Into Great Silence
During the close to two-hour film Into Great Silence there is no dialogue, there is no musical score, and there is no artificial lighting. Rather, the creak of monastery floorboards and the shafts of sunlight through monastery windows suffice. Documentary filmmaker Philip Groning spent more than six months filming one of the world's most ascetic monasteries in total silence, with no crew.
Into Great Silence is a meditation on the lives of the Carthusian monks, the Roman Catholic Church's strictest order. Monks of the Grand Chartreuse monastery between Grenoble and Chambery in the French Alps gave the filmmaker permission to film sixteen years after his initial request. That long waiting period was Groning's introduction, he says, to the deliberateness of these monks' lives, to their sensibility.
A spiritual voyage, Into Great Silence shadows monks who never sleep more than three hours at a time, eat in their individual cells with the exception of one Sunday meal, and follow a taxing day and night of prayer and work.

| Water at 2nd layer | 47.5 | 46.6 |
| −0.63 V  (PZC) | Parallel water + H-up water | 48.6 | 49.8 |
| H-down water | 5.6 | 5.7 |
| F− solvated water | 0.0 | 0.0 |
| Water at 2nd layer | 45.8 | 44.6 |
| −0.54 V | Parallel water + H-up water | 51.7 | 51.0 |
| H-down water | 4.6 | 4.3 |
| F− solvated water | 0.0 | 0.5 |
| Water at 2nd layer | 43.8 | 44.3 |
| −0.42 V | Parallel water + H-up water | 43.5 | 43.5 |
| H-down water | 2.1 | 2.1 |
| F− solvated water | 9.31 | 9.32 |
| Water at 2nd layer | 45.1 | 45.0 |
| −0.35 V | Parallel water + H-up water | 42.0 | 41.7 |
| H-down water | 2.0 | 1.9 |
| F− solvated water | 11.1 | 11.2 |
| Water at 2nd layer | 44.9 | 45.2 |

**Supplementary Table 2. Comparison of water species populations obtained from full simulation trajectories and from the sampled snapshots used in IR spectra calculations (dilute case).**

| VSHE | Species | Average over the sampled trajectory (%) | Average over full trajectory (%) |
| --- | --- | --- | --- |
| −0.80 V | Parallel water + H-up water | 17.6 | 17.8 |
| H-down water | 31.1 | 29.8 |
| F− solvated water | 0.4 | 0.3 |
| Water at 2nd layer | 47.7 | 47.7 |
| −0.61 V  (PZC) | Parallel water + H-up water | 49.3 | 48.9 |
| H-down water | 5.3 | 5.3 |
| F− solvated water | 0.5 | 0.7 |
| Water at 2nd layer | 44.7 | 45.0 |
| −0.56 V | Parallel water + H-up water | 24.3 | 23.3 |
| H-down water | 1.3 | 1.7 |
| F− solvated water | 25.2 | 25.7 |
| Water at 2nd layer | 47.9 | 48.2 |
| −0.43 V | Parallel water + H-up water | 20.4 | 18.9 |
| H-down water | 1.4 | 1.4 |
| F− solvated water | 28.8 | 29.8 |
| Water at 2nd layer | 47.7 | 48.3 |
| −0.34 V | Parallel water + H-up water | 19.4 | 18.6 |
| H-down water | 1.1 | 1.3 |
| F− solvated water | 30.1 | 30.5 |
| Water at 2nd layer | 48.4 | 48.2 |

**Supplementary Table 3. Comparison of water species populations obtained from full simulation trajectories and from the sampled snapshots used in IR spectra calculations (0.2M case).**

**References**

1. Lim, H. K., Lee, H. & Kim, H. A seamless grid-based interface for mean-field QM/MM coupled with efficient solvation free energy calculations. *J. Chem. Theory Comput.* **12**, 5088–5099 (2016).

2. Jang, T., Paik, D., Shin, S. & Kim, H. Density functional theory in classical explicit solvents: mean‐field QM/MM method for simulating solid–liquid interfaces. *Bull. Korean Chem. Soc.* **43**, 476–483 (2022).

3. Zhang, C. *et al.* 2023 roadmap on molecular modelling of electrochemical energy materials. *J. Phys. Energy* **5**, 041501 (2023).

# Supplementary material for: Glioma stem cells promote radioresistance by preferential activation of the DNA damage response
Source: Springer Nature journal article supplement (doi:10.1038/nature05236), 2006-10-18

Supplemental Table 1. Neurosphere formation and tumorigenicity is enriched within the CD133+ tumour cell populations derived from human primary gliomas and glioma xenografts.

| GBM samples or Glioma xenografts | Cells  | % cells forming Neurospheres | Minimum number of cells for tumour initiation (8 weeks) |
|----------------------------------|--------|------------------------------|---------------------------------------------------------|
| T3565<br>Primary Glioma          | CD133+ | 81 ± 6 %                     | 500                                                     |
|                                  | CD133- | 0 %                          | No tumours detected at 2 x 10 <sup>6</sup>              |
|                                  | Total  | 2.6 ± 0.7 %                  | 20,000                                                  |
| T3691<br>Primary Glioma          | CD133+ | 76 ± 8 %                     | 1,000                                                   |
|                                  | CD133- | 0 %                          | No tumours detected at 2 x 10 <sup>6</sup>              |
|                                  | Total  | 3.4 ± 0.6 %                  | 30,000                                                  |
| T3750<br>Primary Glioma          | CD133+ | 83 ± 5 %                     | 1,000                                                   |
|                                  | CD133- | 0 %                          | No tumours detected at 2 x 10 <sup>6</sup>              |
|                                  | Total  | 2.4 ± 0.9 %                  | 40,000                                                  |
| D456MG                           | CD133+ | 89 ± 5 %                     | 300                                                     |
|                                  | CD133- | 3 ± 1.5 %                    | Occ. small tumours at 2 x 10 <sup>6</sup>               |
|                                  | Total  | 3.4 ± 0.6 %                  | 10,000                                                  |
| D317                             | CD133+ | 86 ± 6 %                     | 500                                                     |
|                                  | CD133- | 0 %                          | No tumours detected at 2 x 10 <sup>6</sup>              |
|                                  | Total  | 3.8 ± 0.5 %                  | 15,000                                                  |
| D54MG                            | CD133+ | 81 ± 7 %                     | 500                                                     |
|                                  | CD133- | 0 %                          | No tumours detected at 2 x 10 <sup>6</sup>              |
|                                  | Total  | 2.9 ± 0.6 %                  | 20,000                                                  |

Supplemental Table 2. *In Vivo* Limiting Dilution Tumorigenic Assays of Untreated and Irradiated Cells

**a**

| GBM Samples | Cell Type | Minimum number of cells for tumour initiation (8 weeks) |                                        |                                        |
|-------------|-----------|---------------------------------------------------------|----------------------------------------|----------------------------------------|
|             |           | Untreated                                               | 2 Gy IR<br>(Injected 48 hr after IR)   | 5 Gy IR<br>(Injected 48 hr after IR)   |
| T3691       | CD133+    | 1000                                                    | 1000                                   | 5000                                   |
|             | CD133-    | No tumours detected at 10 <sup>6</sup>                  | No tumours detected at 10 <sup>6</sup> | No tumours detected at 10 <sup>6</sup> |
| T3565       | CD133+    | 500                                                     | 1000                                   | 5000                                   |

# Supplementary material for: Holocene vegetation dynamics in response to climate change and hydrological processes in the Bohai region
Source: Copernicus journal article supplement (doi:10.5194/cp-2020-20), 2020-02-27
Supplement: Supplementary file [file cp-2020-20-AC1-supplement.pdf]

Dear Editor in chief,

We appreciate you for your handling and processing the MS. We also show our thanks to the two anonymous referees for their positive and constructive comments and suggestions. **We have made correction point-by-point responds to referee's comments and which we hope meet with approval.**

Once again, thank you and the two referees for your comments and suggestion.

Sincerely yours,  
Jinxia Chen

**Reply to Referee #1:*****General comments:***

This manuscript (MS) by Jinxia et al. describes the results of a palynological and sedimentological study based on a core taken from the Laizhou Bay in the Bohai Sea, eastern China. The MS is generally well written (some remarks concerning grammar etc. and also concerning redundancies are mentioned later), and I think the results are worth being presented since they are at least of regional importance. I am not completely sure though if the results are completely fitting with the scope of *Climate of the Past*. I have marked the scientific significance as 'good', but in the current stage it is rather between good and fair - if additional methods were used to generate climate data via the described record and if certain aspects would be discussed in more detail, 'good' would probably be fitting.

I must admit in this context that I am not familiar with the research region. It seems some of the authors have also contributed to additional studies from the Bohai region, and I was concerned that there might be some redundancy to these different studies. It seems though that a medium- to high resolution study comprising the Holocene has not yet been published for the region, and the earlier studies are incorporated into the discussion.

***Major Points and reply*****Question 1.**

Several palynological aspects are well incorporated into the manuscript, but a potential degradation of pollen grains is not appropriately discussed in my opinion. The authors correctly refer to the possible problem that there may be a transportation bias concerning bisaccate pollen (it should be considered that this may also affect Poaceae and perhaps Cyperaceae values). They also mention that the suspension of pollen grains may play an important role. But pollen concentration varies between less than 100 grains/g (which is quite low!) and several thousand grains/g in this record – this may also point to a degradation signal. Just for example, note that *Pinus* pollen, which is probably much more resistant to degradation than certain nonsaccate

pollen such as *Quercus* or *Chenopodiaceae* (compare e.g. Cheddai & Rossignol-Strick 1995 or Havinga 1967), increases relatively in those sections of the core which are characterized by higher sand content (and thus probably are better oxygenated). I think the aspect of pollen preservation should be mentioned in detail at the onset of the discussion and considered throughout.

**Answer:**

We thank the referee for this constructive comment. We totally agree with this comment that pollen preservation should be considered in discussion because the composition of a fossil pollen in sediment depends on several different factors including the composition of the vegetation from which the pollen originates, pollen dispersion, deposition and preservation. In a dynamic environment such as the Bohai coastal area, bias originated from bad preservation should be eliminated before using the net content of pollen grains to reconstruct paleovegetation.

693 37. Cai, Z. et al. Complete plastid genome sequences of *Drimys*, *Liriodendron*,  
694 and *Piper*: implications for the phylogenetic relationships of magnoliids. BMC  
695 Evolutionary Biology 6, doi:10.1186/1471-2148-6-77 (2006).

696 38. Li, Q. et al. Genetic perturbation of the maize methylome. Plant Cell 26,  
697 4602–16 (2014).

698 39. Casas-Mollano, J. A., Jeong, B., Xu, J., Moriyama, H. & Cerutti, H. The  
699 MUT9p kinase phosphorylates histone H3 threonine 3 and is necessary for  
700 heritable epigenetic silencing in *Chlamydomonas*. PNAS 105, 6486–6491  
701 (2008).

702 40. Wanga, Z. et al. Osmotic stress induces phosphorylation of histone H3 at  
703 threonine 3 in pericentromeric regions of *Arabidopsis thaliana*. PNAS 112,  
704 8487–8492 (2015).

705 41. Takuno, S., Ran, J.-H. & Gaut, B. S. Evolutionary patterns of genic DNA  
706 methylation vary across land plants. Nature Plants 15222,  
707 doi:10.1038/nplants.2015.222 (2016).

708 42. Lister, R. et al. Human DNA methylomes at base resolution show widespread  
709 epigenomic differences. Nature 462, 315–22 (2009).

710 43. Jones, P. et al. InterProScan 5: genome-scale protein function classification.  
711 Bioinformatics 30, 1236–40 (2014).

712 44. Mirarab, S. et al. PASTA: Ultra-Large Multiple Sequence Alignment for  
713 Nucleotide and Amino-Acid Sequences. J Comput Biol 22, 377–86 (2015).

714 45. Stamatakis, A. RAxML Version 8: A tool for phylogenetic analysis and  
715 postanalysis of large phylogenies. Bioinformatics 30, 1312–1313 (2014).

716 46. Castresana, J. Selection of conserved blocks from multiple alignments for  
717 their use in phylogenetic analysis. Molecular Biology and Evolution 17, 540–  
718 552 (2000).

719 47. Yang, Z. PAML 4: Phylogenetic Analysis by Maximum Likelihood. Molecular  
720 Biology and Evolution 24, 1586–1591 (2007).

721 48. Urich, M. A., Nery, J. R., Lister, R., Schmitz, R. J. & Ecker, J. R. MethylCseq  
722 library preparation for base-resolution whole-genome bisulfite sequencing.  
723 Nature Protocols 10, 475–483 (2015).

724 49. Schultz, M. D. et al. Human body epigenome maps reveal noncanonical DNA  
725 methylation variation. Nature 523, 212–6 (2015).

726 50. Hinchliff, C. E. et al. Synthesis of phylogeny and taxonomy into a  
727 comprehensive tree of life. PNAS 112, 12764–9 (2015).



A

Groning told Steven Gradanus of "Catholic World Report" he hoped that "in the absence of language, the present moment would become such a strong, strong thing...so much stronger that in the presence of language...And this is what the monastery is about. It was totally intermarried: making a film about a monastery, about silence, about time."
One of the first and one of the last scenes of the film is of snow falling against a window pane. Into Great Silence moves from winter through spring and summer and back to winter, but the viewer's experience of the second winter is profoundly different from the first. By the end of the film, you can hear the snowflakes fall.
If you would like to explore films with similar themes, please click on Cristianismo.